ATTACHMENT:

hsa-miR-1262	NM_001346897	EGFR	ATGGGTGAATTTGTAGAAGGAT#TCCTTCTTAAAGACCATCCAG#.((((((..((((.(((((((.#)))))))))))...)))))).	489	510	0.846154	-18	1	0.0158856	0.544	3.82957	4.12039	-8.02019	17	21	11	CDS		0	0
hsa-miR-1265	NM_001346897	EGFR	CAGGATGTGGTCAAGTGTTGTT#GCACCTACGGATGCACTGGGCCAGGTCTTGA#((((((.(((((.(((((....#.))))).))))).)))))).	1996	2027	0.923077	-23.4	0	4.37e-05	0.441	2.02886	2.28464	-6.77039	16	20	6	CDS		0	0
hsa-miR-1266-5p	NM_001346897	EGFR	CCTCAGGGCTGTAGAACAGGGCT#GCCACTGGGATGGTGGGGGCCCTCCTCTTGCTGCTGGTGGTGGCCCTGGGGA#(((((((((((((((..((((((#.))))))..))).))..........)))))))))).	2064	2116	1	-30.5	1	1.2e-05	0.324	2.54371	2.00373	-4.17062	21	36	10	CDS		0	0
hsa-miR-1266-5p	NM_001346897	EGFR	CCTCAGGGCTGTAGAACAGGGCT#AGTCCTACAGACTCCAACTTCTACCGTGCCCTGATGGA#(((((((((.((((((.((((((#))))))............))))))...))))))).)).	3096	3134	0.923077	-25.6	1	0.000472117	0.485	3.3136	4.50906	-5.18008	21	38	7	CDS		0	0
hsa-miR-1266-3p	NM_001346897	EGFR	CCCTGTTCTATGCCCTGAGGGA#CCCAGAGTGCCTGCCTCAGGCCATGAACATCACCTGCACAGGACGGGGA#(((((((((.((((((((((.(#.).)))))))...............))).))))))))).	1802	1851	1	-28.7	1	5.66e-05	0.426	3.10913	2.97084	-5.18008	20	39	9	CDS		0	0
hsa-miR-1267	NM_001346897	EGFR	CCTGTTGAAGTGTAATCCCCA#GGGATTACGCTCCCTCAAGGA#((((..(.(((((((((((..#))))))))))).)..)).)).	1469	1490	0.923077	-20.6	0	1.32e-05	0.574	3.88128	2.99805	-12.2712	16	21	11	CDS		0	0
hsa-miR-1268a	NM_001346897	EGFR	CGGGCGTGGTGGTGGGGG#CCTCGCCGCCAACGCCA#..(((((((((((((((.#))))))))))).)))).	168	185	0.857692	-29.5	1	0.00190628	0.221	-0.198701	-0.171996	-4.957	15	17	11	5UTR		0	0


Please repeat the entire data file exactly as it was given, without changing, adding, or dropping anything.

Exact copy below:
hsa-miR-1262	NM_001346897	EGFR	ATGGGTGAATTTGTAGAAGGAT#TCCTTCTTAAAGACCATCCAG#.((((((..((((.(((((((.#)))))))))))...)))))).	489	510	0.846154	-18	1	0.0158856	0.544	3.82957	4.12039	-8.02019	17	21	11	CDS		0	0
hsa-miR-1265	NM_001346897	EGFR	CAGGATGTGGTCAAGTGTTGTT#GCACCTACGGATGCACTGGGCCAGGTCTTGA#((((((.(((((.(((((....#.))))).))))).)))))).	1996	2027	0.923077	-23.4	0	4.37e-05	0.441	2.02886	2.28464	-6.77039	16	20	6	CDS		0	0
hsa-miR-1266-5p	NM_001346897	EGFR	CCTCAGGGCTGTAGAACAGGGCT#GCCACTGGGATGGTGGGGGCCCTCCTCTTGCTGCTGGTGGTGGCCCTGGGGA#(((((((((((((((..((((((#.))))))..))).))..........)))))))))).	2064	2116	1	-30.5	1	1.2e-05	0.324	2.54371	2.00373	-4.17062	21	36	10	CDS		0	0
hsa-miR-1266-5p	NM_001346897	EGFR	CCTCAGGGCTGTAGAACAGGGCT#AGTCCTACAGACTCCAACTTCTACCGTGCCCTGATGGA#(((((((((.((((((.((((((#))))))............))))))...))))))).)).	3096	3134	0.923077	-25.6	1	0.000472117	0.485	3.3136	4.50906	-5.18008	21	38	7	CDS		0	0
hsa-miR-1266-3p	NM_001346897	EGFR	CCCTGTTCTATGCCCTGAGGGA#CCCAGAGTGCCTGCCTCAGGCCATGAACATCACCTGCACAGGACGGGGA#(((((((((.((((((((((.(#.).)))))))...............))).))))))))).	1802	1851	1	-28.7	1	5.66e-05	0.426	3.10913	2.97084	-5.18008	20	39	9	CDS		0	0
hsa-miR-1267	NM_001346897	EGFR	CCTGTTGAAGTGTAATCCCCA#GGGATTACGCTCCCTCAAGGA#((((..(.(((((((((((..#))))))))))).)..)).)).	1469	1490	0.923077	-20.6	0	1.32e-05	0.574	3.88128	2.99805	-12.2712	16	21	11	CDS		0	0
hsa-miR-1268a	NM_001346897	EGFR	CGGGCGTGGTGGTGGGGG#CCTCGCCGCCAACGCCA#..(((((((((((((((.#))))))))))).)))).	168	185	0.857692	-29.5	1	0.00190628	0.221	-0.198701	-0.171996	-4.957	15	17	11	5UTR		0	0